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June 22, 1964     The Jewish Transcript
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June 22, 1964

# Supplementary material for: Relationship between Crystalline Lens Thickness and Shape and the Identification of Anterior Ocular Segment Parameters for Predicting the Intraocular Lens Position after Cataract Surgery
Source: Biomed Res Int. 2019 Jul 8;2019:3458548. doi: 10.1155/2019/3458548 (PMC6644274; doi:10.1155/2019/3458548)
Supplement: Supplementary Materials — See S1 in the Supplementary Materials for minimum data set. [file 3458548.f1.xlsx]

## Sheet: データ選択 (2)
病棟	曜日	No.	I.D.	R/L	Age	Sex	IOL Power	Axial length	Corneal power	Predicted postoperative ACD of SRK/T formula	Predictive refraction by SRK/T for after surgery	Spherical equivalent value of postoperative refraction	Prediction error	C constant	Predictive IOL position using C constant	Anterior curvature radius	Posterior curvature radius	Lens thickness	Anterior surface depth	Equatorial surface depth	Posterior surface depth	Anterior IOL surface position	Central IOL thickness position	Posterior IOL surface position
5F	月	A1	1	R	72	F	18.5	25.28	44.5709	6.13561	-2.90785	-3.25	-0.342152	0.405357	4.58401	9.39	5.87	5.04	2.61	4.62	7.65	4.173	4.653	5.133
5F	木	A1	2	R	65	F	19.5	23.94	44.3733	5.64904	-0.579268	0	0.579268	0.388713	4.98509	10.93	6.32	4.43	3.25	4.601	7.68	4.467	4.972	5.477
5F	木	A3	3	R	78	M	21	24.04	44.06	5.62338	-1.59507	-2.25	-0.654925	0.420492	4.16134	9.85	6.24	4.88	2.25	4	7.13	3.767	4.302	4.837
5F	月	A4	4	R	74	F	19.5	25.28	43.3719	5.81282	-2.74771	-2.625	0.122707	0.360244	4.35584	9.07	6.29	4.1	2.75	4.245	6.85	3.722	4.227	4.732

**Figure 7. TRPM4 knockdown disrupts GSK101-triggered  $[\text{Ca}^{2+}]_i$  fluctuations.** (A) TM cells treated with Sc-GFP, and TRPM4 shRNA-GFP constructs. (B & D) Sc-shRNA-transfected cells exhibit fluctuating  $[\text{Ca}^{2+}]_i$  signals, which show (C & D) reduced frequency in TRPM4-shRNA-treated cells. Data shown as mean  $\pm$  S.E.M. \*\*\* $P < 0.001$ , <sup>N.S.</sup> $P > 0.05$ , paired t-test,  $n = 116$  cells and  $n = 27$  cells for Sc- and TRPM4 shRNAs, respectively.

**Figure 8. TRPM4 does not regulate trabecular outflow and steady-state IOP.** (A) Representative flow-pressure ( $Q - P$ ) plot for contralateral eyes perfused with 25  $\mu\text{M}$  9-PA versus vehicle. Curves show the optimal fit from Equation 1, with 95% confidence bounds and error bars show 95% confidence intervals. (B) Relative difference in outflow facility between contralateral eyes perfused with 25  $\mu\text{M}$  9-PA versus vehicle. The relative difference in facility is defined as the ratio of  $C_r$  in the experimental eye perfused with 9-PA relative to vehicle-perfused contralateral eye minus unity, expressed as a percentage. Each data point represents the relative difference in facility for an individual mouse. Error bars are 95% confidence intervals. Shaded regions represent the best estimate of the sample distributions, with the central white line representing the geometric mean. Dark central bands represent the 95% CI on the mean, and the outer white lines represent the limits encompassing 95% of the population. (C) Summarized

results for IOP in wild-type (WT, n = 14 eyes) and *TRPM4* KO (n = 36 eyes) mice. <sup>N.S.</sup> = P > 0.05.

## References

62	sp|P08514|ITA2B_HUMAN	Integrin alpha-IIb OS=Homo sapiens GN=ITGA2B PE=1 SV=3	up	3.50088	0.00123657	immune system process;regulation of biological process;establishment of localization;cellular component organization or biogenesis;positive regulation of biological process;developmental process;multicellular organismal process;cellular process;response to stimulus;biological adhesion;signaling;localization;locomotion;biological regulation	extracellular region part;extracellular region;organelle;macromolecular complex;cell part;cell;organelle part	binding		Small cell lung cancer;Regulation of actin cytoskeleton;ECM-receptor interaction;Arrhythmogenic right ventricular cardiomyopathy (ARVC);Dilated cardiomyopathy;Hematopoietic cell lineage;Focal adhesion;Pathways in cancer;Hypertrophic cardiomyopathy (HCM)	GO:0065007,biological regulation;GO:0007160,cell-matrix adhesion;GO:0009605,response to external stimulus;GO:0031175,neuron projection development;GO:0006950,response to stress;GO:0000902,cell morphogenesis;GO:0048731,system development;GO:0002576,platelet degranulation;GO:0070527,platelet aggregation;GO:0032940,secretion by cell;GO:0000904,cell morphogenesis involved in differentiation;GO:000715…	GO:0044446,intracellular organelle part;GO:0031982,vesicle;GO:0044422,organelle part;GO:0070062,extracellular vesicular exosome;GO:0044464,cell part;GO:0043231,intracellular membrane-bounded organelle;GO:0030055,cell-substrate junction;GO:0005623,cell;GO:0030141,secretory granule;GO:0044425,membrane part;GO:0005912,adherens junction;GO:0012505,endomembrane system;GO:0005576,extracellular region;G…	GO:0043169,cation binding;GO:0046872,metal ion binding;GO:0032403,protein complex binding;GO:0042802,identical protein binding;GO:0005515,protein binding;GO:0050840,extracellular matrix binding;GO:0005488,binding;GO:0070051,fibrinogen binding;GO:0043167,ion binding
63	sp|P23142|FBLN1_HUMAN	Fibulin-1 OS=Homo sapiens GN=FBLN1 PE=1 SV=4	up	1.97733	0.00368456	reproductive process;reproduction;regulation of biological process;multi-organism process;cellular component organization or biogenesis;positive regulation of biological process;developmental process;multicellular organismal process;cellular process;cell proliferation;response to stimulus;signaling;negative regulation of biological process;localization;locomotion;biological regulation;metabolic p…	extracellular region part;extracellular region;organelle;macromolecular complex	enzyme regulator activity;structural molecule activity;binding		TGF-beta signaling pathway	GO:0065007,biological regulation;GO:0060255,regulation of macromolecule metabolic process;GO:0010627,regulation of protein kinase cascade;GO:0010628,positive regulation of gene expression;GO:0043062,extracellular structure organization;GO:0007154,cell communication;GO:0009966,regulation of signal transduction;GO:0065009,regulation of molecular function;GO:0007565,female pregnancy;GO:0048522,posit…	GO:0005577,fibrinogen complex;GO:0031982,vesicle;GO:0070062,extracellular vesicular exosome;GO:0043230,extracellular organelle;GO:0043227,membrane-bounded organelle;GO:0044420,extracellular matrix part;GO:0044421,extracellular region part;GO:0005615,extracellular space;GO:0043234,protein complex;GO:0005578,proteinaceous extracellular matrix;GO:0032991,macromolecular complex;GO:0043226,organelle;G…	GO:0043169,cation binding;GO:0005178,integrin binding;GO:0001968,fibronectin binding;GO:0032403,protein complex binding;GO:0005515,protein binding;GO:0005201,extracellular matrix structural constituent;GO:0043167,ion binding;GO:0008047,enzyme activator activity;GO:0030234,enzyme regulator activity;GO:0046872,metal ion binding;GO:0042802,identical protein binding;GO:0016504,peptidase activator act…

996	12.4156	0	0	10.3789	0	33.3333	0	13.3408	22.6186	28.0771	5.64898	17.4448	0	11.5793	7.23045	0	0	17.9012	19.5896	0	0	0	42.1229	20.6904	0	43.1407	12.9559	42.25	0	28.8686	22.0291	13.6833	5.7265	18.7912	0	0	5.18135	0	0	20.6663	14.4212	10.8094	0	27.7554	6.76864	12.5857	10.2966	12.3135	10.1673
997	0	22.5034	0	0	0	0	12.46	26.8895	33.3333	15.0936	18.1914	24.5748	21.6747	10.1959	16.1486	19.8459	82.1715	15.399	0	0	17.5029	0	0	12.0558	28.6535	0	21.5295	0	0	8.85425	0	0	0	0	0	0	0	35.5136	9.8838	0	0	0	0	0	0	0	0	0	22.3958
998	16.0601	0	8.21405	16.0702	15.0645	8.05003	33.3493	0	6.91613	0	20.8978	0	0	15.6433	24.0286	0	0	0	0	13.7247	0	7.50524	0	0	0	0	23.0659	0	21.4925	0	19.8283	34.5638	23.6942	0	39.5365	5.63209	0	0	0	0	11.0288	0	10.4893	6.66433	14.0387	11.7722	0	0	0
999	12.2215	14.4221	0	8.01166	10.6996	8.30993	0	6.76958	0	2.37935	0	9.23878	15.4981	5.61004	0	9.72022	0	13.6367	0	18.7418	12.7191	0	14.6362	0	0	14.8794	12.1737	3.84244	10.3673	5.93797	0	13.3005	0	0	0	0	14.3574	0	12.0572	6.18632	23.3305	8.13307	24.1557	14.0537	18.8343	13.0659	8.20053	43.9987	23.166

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3UN z 1964 JUNE 22, 1964 -- TAMUZ 12, 5724 SEATTLE, WASHINGTON Seattle Man and Woman Head Region Orthodox Organizations THE 1964 CAMPAIGN NEEDED $3so,ooo.oo NEXT EDITION July 13, 1964 Deadline: July 6--2 p.m. PLEDGED TO DATE $250,000.00 BEN GENAUER At the Northwest Regional COnvention of the Union of Orthodox J e w i s h Congrega- tions of America held in Van- OUver, B.C., last month, Ben enauer and Mrs. Harry Butt- nick were elected presidents;,i of Union and of the Women's zranch. Elected to serve with Mr. enauer were vice presidents tvid Chertkow of Vancouver, leld(,: Steinberg of Seattle, alph Policar and Martin chnitzler of Portland, and abbi L. Ginsberg of Edmon- Canada. officers of the Worn- Branch are vice presidents Morris Capeluto of Seattle, rs. Marvin Schnitzer of land, Mrs. Josepi) Gorosht Canada; Mrs. J. :son of Vancouver, B.C., secretary- treasurer, Mrs. Stusser of Seattle. Elected serve on the board are Mes- Iraes Aaron Katsman, R. and Jack Maimon of ttle; Mrs. Mark Schnitzer ; Mrs. R. Brail of ancouver, B.C. Dislinguished h'aders of the Cohn To Again lead Seattle Jewish mily Centers Merle Cohn was r a second term as of the Jewish Corn- Centers. of Seattle, at 9th annual meet- Also elected officers were: Presidents Albert Franco, Charles' Kaplan and Pro- Albert N. Schrieber; Albert Hanan, and Mrs. Sam L. Levin- lected to the Board of Di- were Mrs. Irving An- Mrs. Jack Alhadeff, Tony g, Harry Bush, Mrs. Nor- W. Clein, Martin Fals, Dr. Peter Fisher, Mrs. Meltzer, Melville Mon- Lraer, Melville Oseran, Allen and Joe Woron. focus of the Annual ng highlighted the pro- Branch Operations of Jewish Connnunity Ccn- of Seattle. Was reported that a com- e plan of Branch Opera- will be submitted for discussion at the 25 meeting of the Board Panel, which included Dr. Groman, Professor Jo- Cohen, Joseph Frankel, Treiger and Professor Schrieber, discussed the "Unity in Diversity. A enge to the Seattle Jew- ommunity." There was a leral feeling expressed that Jewish Community Cen- of Seattle have an impor- role in providing pro- MRS. HARRY BUTTNICK convention were Dr. Samson Weiss, executive vice president of the Union, who guided all the sessions; Joseph Karasick, national treasurer of the Union; Rabbi Simon Dolgin, Los An- geles, and Dr. William Brick- man, professor of history and education at the University of Pennsylvania, who recently re- turned from Russia where he went on a mission for the De- partment of Health, Education and Welfare. Dr. Brickman gave some interesting revela- tions on how our Russian brethren struggle and contrive to retain identification with traditional Judaism. Along with the above men- tioned officers, Seattle dele- gates included Rabbi Harold Genauer, Joseph Russak, Sam Prottas, Morris Capeluto, Rabbi Sholom Rivkin, Cantor Chaim Gottleib and Rabbi Zev Eisen- stein of Congregation Bikur Cholim; Rabbi Solomon MaN mon and Ben Zion,Maimon of Sephardic Bikur Cholim; Rabbi William Greenberg of Ezra Bessaroth; Rabbi Gabriel Per- lysky and Rabbi Eliezer Paltiel of the Seattle Hebrew School. PUBLIC INVITED TO ATTEND ANNUAL HILLEL MEETING The annual meeting of the B'nai B'rith Hillel Foundation at the University of Washing- ton (Hillel Corporation) will be .held-on Monday, at the Hillel Foundation, 4745 17th Avenue N.E. At this time Ernest Stiefel, chairman of the Nominating Committee, will present the slate of new offi- cers for the coming year and the list of members of the board for the ensuing year. The business meeting will convene at 7:30 p.m.; and at 8 p.m. there will be a program presentation on "A Nazi on CampusTrial and Tribula- tion." A recording of portions of Rockwell's recent talk on campus will bc played for the information of the audience, after which Dr. Neal Groman, Professor of Microbiology, Uni- versity of Washington, will give a resume of the events preceding Rockwell's appear- ance. Thereafter, Dr. Groman, Mr. Melville Oseran, president of the Hille] Corporation, and Rabbi Arthur Jacobovitz, di- rector of the Hillel Foundation, will answer questions from the floor. The public is urged to attend this meeting and avail themselves of the opportunity to learn the full details of the ramifications of this Nazi's resence in our city. A coffee hour will follow the meeting. grams and activities which will help unite and integrate Jewish life in Seattle. SHORT $100,000.00 TO COVER MINIMUM REQUIREMENTS Have You Made Your Pledge? Call MA. 2-8213 SEATTLE FEDERATED JEWISH FUND & COUNCIL 1017 4th Avenue--MAin 2,8213 rYour Central Community Fund Raising Agency" Franklin High Student Wins Block Award From left to right: Mrs. Arnold Robbins, Father William Treacy, Christopher Matthews, award recipient, and Edwin Pratt of the Seattle Urban League. For, the fifth year, the Seattle I School District No. 1. Each of Chapter, A m e r i c a n Jewish I these, schools through counsel- ] " S " " Con mlttee, preented its Maxl nr or teactmr norninat*d -n H Block I-Iuman lelahonsl • s outstanding senior student for Award" to a graduating high the award. The ten other ngr--ni- school student "who in his daily life best exemplifies the American ideal of harmonious relations with all persons, regardless of race, color or creed." Christopher Matthews of Franklin High School was the winner for 1964. He re- ceived a $100 honorarium and an engraved plaque which will remain at Franklin for the coming year. Christopher was selected by a committee of judges, headed by Mrs. Harlan Edwards, who chose from among ll nominees from the schools of Seattle nees each received a bronze medallion and an award certi- ficate at his school's annual award assembly this year. Each presentation was made by a member of AJC. The top award ceremony took place at a reception at the home of Mr. and Mrs. Fred Rogers of Mercer Island, which honored, in addition to the nominees and winner, the award judges, the executive committee of the Seattle Chap- ter of AJC and the members of the Block Award Committee. Local Social Wo, k,," '," Visiting ]srael Award Distinguished Service Cup Social Group Worker, Shirley Schneider, right foreground, greets group of Yemenite,, child['en visiting Kibbutz Hazorea Ulpan. Mrs. Schneider will join the Centers' full time profes- sional staff on September l, 1964. New Officers Named By Temple Beth Am Members of Temple Beth Am have elected their officers and board members for the coming year. The new officers will be Raymohd Danz, presi- dent; Richard Freidenrich, vice president; Mildred (Mrs.Jacob) Stein, secretary; Martin Met- zon, treasurer. The newly elected hoard members are Dr. Sherwood Fein, Jeannette (Mrs. Harry) Glickman, Kate (Mrs. William) Kogan and Dr. Joseph Stern. Immediate Pa st PreMdent Maurice Shurman will also serve as a board member. Con- tinuing their term on the board will be Henry Butler., Henry Eisenhardt and Dr. Philip Wagenaar. • Photo by Heib Preliminary plans for the erie D. Cohn, Jewish Community Centers President is Temple's flew building have Presenting to Mrs. Joel Staadecker the JCC President's ward for distinguished service to the Golden Age Club been approved by the congre- co-sponsored by the National Council of Jewish gation. Construction is expect- nd the Jewish ommunity Centers of Seattle. The ed to get under way next was made at the Centers' 9th annual meeting, spring, f Negro Minister Will Talk at Temple De Hirsch on June 26 Dr. Samuel McKinney, prom- inently known minister of the Mount Zion Baptist Church, will be the guest speaker at the service on Friday evening, June 26, at 8:15 p.m. at the Temple De Hirsch. Dr. McKin- n,w is considered one of the reat Negro leaders in the struggle for' civil rights. He is a member of the Human= Rights Commission in the city of Sealtle. Reverend MeKinney's talk will be entitled "God's Twenti- eth Century Suffering Serv. ants." The choir of Mount Zion Baptist Church will also par- ticipate in the service. ISRAEL earned a total of $50,000,000 from tourism last €ear compared with $38,000,000 during 1962 and $31,000,000 in 1961. (JTA) Sel Esfeld Will Head Campaign for New Kline Galland Home SOL ESFELD Sol Esfeld, outstanding Se- attle citizen, is the Campaign 2abinet Chairman of the Car- oline Kline Galland Home for the Aged. He will direct the planning of the Home's drive :to replace its 50-year-old in- adequate, over-crowded out- moded building. Members of the Campaign Cabinet i n v o I v e representa- tives of every segment of Se- tle's Jewish community. Committee members who will their efforts with Mr. to raise funds for a new Home building are: Charles Alhadeff, Julian Cohon, John Danz, A. 3ernard Gray; Messrs. Ira Al- exander Robert L. Block, Ben Bridge, Orville Cohen, Nathan 'Feinberg, Albert Franco, Jules Glant, Harry Glickman, Law- Neider, Louis N, udelman, arold Poll, Morton Schwab- Edward Starin, Edward tern, Sheldon Steinberg, Weisfield, Harry chwartz, Alfred Shemanski, A1 Viesse; Drs. Charles Fine 'and Alfred Sheridan• Mr. Esfeld, chosen to lead Gailand Home's Building ,,n, spearheaded t he drive of Temple De for the building of its inew sanctuary. He is present- • ly an honorary member of the Board of Directors of the Na- tional Jewish Welfare Board. '"For' outstanding 'contribu- tions to the achievement of good human relations," Mr. Esfeld won the 1957 award of the Seattle Civic Unity Corn- ittee. His citation read ". member of the Board of Trustees of the Seattle Civic Unity Committee for 10 years and its vice president for three where his clear and objective philosophy his broad concept of citizenship his appreciation of the many points of view within the community have provided wise and unassum- ing counsel." He was cited for his activities as Advisory Board and Executive Commit- tee member of the National Conference of Christians and Jews. lie is presently a Na- tional Boa,'d member from ttfis area. Some of his many contribu- tions of devoted service have included: President, Federated Jewish Fund and Council; President, Seattle Lodge, B'nai B'rith; Member, Pacific North- west Regional Advisory Board, Anti-Defamation League; President, Board of Trustees, Temple De Hirsch (and Presi- den t of its Brotherhood); Chairman, State of Israel Bonds Committee; M e m b e r, Seattle Area Jewish Welfare Board. Vice President, King County USO; Board of Management, Armed Services YMCA; King County Intergroup Relations Committee; Budget Commit- tee, Seattle-King County Com- munity Chest. In assuming his new role as Campaign Chairman for the Galland Home Building Fund, Mr. Esfeld expressed a desire to involve every member of Seattle's Jewish community. "Since it is impossiblq for me to speak personally with each individual, I shall attempt to reach everyone through The Transcript and by mail. I have confidence in the good hearts of Seattle Jewry. N, ever before has the Galland Home asked for or received aid from the community. We must take care of our own. We cannot forsake them." Temple De Hirsch Religion School Final Registration ,FILE FOR BINDg00C4 Final summer registration for the 1964-65 school year for Temple De Hirsch Religion School will be held August 10 to August 14. Complete details will appear in the next issue of The Transcript. DETROIT (JTA)The Unit- ed Automobile Workers of America has purchased $250,- 000 in State of Israel Bonds, it was announced here. VOLUME XXXII, NO. 19 NEXT TRANSCRIPT TO BE ISSUE OF JULY 13 .. Following the usual-cus- tom, there will be only one Transcript a month during July and August. Deadline for the next issue, that of July 13, will be July 6. Contributors should bear in mind that this is just follow- ing the Independence Day holiday so that early copy should be presented. The August issue will be that of the 17th, with dead- line a week previously. As New Year's falls early this year, deadline for that issue the Annualwill be Aug. 24. Contributions and Greet- ing Ads may be sent in any time before that date--the earlier the better. Sam Tarshis Attends Civil Rights Sessions At Nation's Capital Sam vr. Tarshis, vice chair- man of the Washington State Advisory Committee to the United States Commission on Civil Rights will attend a meet- ing of representatives of all fifty state advisory committees to be held in Washington, D.C. this coming weekend, as a delegate of the local group. Regarding the recent vote on cloture rule, Mr. Tarshis said: "The vote on the cloture rule which now assures passage of the Civil Rights Act, is a vic- tory for all who love justice and love an America conceived in liberty. It is a defeat for no one except those who would prevent America from achiev- ing its ultimate dream." He said, "The result of the vote is a tribute to resolute leader- ship of men and womeu for whom the word patriotism has the meaning of love and jus- tice and decency. "It is significant," he con- tinued, "that on the basic issue the architects of victory in- eluded the President of the United States and Senators from both sides of the cham- ber. The strength and sincerity of Senator Humphrey of Min- nesota and Senator Kuchel of California will be particularly remembered. Their work can now be added to the profiles of courage that have marked our nation's legislative history. "For the thousands of civil rights leaders and for the country as a whole, the final passage of the Civil Rights Bill will provide new opportunities, which they dare not squander, to help out" Negro citizens achieve a full measure of their rights as Americans." Rabbi Rivkin Invited To Address Youth Conference in N.Y. Rabbi Sholom Rivkin of Congregation B i k u r Cholim has been invited to address a special session of the annual convention of the Nat.tonal Conference of Synagogue Youth which will be held in New York June 26-28. The National Conference of Syna- gogue Youth is the youth arm of the Union of Orthodox Jew- ish Congregations of America i and serves approximately 1000 synagogues in the United States and Canada. Approximately 500 delegates from different parts of the country are scheduled to par- ticipate in this National Youth Conference, which will be held at thd Pine View Hotel, Falls- burg, New York. At each Na- tional Convention of the Na- tional Synagogue Youth, 15 members of the American Or- thodox rabbinate are extended special invitations to partici- pate. Do your part--don't wait for a solicitor. Call Federated Fund P,'imc Minister and Mrs. Eshkol G ct, d by Lcade|'s of U.J.A. Bii i !ii !!il, , Israel Prime Minister Levi Eshko! and his wife were guests of honor at dinner given by the United Jewish Appel's National Campaign Cabinet at the Waldorf-Astoria llotel in New York on June 3. Left to right are Mrs. Jack Karp of Los Angeles, Chairman of the UJA National Women's Division; Mr. and Mrs. Eshkoi, and Joseph Mcyerhoff of Baltimore, UJA General Chairman. Eshkol and President Johnson At Conferences on Israeli Problems NEW YORK, (JTA) -- Israel's determination to build a better society and its willingness to help resolve Mid- dle East disputes were conveyed by Premier Levi Eshkol to President ,Johnson and a wide variety of other Ameri- can leaders in a whirlwind round of conferences and public appearances this month. In the first official visit by'---- .... an Israeli Premier on invita- tion by an American President, Mr. Eshkol met with President Johnson in a long and friendly discussion. In a joint corri- munique issued at the end of the talks, President Johnson reaffirmed United States sup- port for the territorial integrity and political independence ol" all countries in the Middle East and "the firm opposition of the United States to aggres- sion and the use of force or the threat of force against any country." Seattle Resolution On Russ Anti-Semitism In Nation's Records HON. ItENRY M. JACKSON Senator Henry M. Jackson of Washington state, has caused to be entered in the 1964 Congres- sional Record the proclamation of Governor Albert D. Rosellini selling forlh last March 14 as a "Sabbath of Protest." The reso- lution appeared in full in The Transcript of February 14, 1964. In presenting the proclama- tion to tim Senate of the United States for inclusion in the Con- gressional Record, Mr. Jackson said: "Mr. Presidenl, for some time there has been increasing evi- dence of growing anti-Semitism within the Soviet Union. AII I over the world, freemen con- cerned ahout this ominous cam- paign have spoken out against the measures which deny Soviet Jews their religious and cul- tural rights, and allow politi- cal, social, and economic meas- ures against Jews. "In connection with this pro- test, the S e a t t 1 e Council of Rabbis has been active in arousing the conscience of the public. The Governor of our Stat proclaimed a Sabbath of protest, which was widely ob- served last month. As a con- tinuing part of this effort, I ask unanimous consent that the proclamation of the Governor be printed in the Appendix of the Record." There being no objection, the proclamation was ordered to be printed in the Record. / Century Club Honors Merle Cohn One specific agreement was for a joint United States-Israel study of the use of nuclear power" for desalting seawater. The communique noted that progress in that effort would be made available $,o all 'coun- tries with "water defficien- ties," a description covering most of Israel's Arab neighbors. Closer Friendly ]Relations Generally, tlm communique pledged that both countries would seek to increase the present friendly relations link- ing them. It was understood that the Israeli visitors did not ask the United States for addi- tional arms, thougl the steady Egypian arms buildup, partic- ularly in the field of rocketry, vith the aid of West German Cientists was stressed by the ?remier repeatedly. Prior to his departure from Washington for New York, the Premier said he felt his visit to the capitol had improved contacts between the two countries and enhanced the generally friendly atmosphere. The Prime Minister met with Undersecretary of State Aver- ell Harriman, Assistant Secre- tary of State Philip Talbot, and others. A conference also was held in the office of Acting State Secretary George W. Ball. During the visit, Mr. Esh- kol also had a, breakfast meet- ing at Blair House vth Presi- dent George Meany of the AFL-CIO and other labor leaders. Agreements Needed Mr. Eshkol told an Overseas Writers Club luncheon that an earnest effort should be made to get effective and controll- able agreements to end the arms and military technology race in the Middle East. He said timt there was no slacken- ing in the flow of Arab threats against Israel and that Israel had no choice, despite the bur- den, but to maintain its mili- tary deterrent at a high level. Without this, he said, the "rela- tive quiet" in the Middle East "could be upset overnight•" Israel's basic positions were made known to President Johnson and the key figures of the Government. These in- cluded the belief that a mass return of Arab refugees would probably turn Israel into an- other CypriJs. Israel's readi- ness to help financially and technically for resettlement of the Arab refugees was empha- sized. Israel's belief that it needs to increase its conventional military capabilities was indi- cated, referring to more planes, more airfields, tanks and re- lated weaponry. The Premier told a United Jewish Appeal dinner in New York that Israel did not expect the Arab countries to mount an armed attack against Israel's massive Water Carrier project, scheduled to become opera- tional this summer• He stressed that the plan was being con- ducted in accordance with the :regional Jordan River plan proposed by the late Eric John- son in 1955 which was accepted at the technical level by the Arabs and rejected by the Arab governments. For Israel High Schools He also disclosed the UJA was planning a capital fund drive to build high schools for Israel, which does not have free high school education. He said the project would cor- rect an educational imbalance which "holds grave peril for our future." He said 43 of every 100 children entering Israeli elementary schools were of Asian or African origin. In high school, the ratio drops to 25 and at the university level to 12. He said Israel had no in- tention of becoming a nation divided between educated and uneducated but that it lacked Ithe financial resources for Pi]il Boguch, Chairman of the Century Club Committee{]public high schools. He cited rese entur Club Member w,th a aeSK se h p . nts Merle Cohn, C y , ' ..... ,:]t e huge outlays to absorbing :engraved with" his name as well as a picture of me.. naPPYa , continuouss low .... or lmmi- :Center Member" embracing the new Jewish Commumy ten-]grant s to maint " • "'" : , am a large min- ters of Seattle. • tar deterre 54 Century Club members are now enrolled. The commit-/,, y' nt and to. .develop ule ne e , / g v ana me alllee tee s goal is 100.